New Zealand, with a population reaching five million this year, is likely to be one of the next batch of countries to go legal with recreational cannabis.
We have become used to hearing stories about how the ‘suits’ from big business have been swooping in to capitalize on cannabis in the era of legalization. So, here’s a story that bucks that trend. It’s the tale of a social enterprise that is looking to cannabis to provide opportunities for an economically deprived rural community.
The Hikurangi Cannabis Company was set up with the aim of generating employment for the inhabitants of New Zealand’s East Cape region, the majority of whom are drawn from the indigenous Māori population. It’s the first medical cannabis producer to win a license from the New Zealand government and the first to be granted the right to cultivate high THC strains. After an initial investment round, the pre-venue company has an estimated value of US$30 million.
Not bad for a company that began life in a small village hall and has a board of directors made up of a grandmother, a person on invalid benefits, a cattle farmer and two old mates with a background in community development…
New Zealand, with a population reaching five million this year, is likely to be one of the next batch of countries to go legal with recreational cannabis. A referendum on the matter is expected to take place in 2020 and public opinion polls have been strongly in favor of legalization. In the meantime, new legislation was introduced at the end of 2018 to give medical users increased access to cannabis. The speed of these developments has been rapid and somewhat mirrors Hikurangi Cannabis Company’s own rise.
The company takes its name from Mount Hikurangi which is located on the East Cape of New Zealand’s North island. It is a region that is renowned for its beauty and isolation – not to mention some of the best weed grown in the country – but it is also a region blighted by economic deprivation and high levels of unemployment.
Since the early days of colonization by the British Empire (Britain annexed the islands in 1840) the rich natural resources of the region have been plundered in the form of a timber industry which gave locals employment but generated wealth for foreign companies. The legacy of this exploitation is a present-day environmental catastrophe in which the clear-fell harvesting of plantation pine forests has created serious issues with uncontrollable soil erosion, rendering a lot of the land unusable. The knock-on effect has been a lack of work and opportunities for the local Māori community, leading to rural poverty and diminished economic opportunity.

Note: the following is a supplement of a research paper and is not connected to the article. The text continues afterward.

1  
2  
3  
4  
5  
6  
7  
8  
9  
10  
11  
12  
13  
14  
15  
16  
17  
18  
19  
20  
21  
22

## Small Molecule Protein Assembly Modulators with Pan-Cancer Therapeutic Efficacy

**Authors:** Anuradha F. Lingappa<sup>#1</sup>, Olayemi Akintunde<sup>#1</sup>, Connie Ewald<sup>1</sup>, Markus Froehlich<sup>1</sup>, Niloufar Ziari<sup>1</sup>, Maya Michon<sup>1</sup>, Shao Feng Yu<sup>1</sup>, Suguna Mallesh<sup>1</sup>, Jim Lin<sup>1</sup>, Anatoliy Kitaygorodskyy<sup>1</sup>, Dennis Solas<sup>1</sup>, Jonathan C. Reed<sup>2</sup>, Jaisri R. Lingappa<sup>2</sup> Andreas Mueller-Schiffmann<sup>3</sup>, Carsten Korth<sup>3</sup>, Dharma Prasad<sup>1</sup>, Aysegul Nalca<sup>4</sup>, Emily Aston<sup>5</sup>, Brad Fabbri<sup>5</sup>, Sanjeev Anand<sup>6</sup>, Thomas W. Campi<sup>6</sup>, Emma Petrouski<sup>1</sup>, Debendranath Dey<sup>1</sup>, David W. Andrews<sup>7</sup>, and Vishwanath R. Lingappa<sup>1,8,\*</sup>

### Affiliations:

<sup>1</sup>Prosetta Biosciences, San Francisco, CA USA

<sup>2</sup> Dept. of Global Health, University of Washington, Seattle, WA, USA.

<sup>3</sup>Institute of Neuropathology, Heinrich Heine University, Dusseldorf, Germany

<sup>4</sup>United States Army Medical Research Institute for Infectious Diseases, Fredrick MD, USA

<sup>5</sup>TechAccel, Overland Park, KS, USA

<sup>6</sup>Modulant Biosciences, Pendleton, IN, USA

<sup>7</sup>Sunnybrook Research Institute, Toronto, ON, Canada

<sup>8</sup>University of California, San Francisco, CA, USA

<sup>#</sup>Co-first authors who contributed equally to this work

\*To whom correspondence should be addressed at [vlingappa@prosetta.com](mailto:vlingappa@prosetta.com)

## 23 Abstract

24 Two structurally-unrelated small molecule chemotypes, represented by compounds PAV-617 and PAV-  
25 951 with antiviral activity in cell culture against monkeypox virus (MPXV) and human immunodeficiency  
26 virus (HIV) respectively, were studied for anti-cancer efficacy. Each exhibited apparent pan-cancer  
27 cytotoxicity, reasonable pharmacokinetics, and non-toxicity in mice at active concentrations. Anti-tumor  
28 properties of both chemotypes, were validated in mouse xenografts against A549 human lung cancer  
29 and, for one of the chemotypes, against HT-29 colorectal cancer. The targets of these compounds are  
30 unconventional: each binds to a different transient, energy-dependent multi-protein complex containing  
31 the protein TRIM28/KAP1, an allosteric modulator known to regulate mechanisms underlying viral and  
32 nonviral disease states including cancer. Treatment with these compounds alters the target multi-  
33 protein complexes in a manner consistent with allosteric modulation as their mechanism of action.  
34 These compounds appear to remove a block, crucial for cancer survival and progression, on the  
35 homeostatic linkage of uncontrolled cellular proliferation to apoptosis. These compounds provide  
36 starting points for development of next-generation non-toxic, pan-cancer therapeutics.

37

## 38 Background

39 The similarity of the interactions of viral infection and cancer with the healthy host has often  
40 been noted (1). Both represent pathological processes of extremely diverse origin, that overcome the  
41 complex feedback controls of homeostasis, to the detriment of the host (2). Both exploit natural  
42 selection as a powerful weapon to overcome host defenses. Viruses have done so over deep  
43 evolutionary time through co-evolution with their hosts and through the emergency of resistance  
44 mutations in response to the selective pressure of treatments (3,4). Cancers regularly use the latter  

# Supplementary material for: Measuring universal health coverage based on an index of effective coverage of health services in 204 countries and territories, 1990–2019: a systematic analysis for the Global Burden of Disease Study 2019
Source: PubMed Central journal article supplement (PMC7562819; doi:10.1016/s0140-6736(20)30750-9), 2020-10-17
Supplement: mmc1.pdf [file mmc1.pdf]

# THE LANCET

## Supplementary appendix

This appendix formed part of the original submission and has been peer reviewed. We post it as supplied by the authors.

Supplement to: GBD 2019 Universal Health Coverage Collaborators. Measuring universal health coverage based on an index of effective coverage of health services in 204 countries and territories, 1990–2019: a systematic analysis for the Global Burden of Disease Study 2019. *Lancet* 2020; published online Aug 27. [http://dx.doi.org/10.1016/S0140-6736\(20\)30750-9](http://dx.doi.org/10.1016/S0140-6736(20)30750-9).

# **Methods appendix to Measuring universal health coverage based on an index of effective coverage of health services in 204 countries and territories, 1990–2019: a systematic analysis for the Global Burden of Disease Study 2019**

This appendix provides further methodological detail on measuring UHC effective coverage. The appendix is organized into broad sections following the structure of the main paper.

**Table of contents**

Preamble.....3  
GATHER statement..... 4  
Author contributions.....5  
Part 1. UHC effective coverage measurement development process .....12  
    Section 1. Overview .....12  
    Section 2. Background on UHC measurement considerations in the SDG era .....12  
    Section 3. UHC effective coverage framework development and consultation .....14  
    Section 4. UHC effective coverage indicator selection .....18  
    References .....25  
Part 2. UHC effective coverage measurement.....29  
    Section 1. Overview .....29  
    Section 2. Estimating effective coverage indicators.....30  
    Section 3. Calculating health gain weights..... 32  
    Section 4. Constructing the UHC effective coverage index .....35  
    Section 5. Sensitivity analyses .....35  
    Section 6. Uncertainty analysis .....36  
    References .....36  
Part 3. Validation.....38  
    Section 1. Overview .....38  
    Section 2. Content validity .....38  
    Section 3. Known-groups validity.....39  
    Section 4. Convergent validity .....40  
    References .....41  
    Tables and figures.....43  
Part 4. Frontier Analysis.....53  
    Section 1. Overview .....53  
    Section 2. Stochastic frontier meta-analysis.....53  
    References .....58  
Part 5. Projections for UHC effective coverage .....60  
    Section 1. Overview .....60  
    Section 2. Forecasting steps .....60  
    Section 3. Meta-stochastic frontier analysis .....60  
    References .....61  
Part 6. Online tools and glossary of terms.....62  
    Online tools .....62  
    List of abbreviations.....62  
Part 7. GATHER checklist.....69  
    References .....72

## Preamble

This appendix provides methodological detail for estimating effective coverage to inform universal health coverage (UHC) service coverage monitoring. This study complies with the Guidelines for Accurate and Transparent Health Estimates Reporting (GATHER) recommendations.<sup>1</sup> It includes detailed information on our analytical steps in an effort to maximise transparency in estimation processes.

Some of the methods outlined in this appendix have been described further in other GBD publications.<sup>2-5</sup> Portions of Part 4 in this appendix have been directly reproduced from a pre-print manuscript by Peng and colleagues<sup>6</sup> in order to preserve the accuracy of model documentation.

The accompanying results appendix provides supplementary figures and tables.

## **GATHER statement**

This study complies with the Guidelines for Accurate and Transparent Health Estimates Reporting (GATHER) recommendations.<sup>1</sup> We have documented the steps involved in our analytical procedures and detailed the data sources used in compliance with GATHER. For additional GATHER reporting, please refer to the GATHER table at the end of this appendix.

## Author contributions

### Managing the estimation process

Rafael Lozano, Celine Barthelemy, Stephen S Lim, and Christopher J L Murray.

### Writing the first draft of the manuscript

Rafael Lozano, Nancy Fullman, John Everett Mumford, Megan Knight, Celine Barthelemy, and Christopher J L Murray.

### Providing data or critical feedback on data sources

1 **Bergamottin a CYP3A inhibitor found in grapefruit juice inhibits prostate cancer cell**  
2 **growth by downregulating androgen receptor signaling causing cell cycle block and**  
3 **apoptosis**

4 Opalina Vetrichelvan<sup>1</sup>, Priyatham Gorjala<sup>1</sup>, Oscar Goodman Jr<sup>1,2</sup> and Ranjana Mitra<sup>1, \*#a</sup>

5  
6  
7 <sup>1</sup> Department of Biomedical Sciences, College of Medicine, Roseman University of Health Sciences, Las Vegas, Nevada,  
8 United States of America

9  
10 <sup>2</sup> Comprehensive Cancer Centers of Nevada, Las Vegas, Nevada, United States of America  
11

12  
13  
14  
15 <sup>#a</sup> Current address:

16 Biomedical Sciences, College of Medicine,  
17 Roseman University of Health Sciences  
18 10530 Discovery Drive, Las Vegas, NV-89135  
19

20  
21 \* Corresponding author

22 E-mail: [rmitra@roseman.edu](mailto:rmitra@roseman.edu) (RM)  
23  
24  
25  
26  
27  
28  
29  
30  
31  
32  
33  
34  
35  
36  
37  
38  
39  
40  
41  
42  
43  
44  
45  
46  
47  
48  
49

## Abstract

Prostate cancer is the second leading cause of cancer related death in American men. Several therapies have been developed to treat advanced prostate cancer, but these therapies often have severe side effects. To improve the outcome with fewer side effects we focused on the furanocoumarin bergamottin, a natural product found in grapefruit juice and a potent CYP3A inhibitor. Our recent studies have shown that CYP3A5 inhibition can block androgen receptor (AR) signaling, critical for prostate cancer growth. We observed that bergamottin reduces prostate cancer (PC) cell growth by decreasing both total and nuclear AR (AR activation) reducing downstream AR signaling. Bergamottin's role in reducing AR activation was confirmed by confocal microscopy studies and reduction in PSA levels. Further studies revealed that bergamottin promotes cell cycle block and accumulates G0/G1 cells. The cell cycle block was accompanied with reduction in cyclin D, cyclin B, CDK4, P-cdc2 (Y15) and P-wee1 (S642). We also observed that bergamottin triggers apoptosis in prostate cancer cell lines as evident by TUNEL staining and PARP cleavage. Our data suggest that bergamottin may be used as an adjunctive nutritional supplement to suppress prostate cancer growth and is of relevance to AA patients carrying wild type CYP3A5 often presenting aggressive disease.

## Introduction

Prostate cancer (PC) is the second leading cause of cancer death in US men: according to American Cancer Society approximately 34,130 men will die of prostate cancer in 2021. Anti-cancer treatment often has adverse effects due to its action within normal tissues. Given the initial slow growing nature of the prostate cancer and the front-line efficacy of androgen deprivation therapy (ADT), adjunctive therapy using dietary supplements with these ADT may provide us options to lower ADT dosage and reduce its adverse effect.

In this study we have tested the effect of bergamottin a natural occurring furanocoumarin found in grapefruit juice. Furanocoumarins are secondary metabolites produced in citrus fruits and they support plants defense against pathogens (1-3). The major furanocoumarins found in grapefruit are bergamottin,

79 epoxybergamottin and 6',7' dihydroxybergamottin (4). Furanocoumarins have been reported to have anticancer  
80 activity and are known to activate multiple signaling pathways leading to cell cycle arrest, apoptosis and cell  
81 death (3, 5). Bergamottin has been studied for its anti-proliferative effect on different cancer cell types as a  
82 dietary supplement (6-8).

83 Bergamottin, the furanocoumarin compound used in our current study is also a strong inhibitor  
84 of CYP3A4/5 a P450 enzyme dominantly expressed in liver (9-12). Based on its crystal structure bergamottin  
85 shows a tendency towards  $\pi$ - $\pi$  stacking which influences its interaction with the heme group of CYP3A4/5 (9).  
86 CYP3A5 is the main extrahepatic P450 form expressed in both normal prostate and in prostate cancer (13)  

It is against this background that Hikurangi emerged, as a community enterprise seeking alternative solutions that can deliver opportunities and wealth in the region. Manu Caddie is one of its founders (and one of the above-mentioned directors) and comes from a background of community development and youth work. The idea for Hikurangi was hatched in the village of Ruatoria, when he teamed up with an old friend, PanapaEhau, whose background is in community organizing, to set up an enterprise that would be responsive to community needs.
But why weed? Here it’s necessary to delve a little into New Zealand’s history. The country has no cannabis landrace to call its own – anecdotal evidence suggests that cannabis came to New Zealand in 1860 courtesy of a Catholic nun, Sister Suzanne Aubert, who arrived with cannabis seeds in her luggage, and was renowned for producing medicinal remedies which were prepared from the plant.
Skip forward just over a hundred years and the East Cape became known for its sizeable Māori Rasta community. The Reggae music of artists such as Bob Marley and Peter Tosh and the religion of Rastafarianism became unifying forces that forged a new sense of identity for disenfranchised Māori young people in this remote part of New Zealand. During the 1980s, they vented their frustrations on the local community with arson attacks, shootings and a ritualistic beheading, in a period the national media dubbed ‘The Troubles’. A pivotal moment in bringing this time of conflict to an end was a concert of unity by legendary New Zealand Reggae band, Herbs.
It was at this time that cannabis became an integral part of life for the Rasta community, and inevitably they became adept at growing it. That growing tradition was passed down and the next generation took cultivation to the next level, illicit plantations being nurtured in this isolated area and fueling the East Cape region’s reputation for fine weed. Cannabis became a contributing factor to the local community, both a small-scale cash crop that supplemented seasonal work and a larger scale operation that supplied the weed needs of those living in New Zealand’s cities. Over the years the authorities have annually targeted the East Cape’s illicit cannabis fields, spraying from the air and ripping out plants.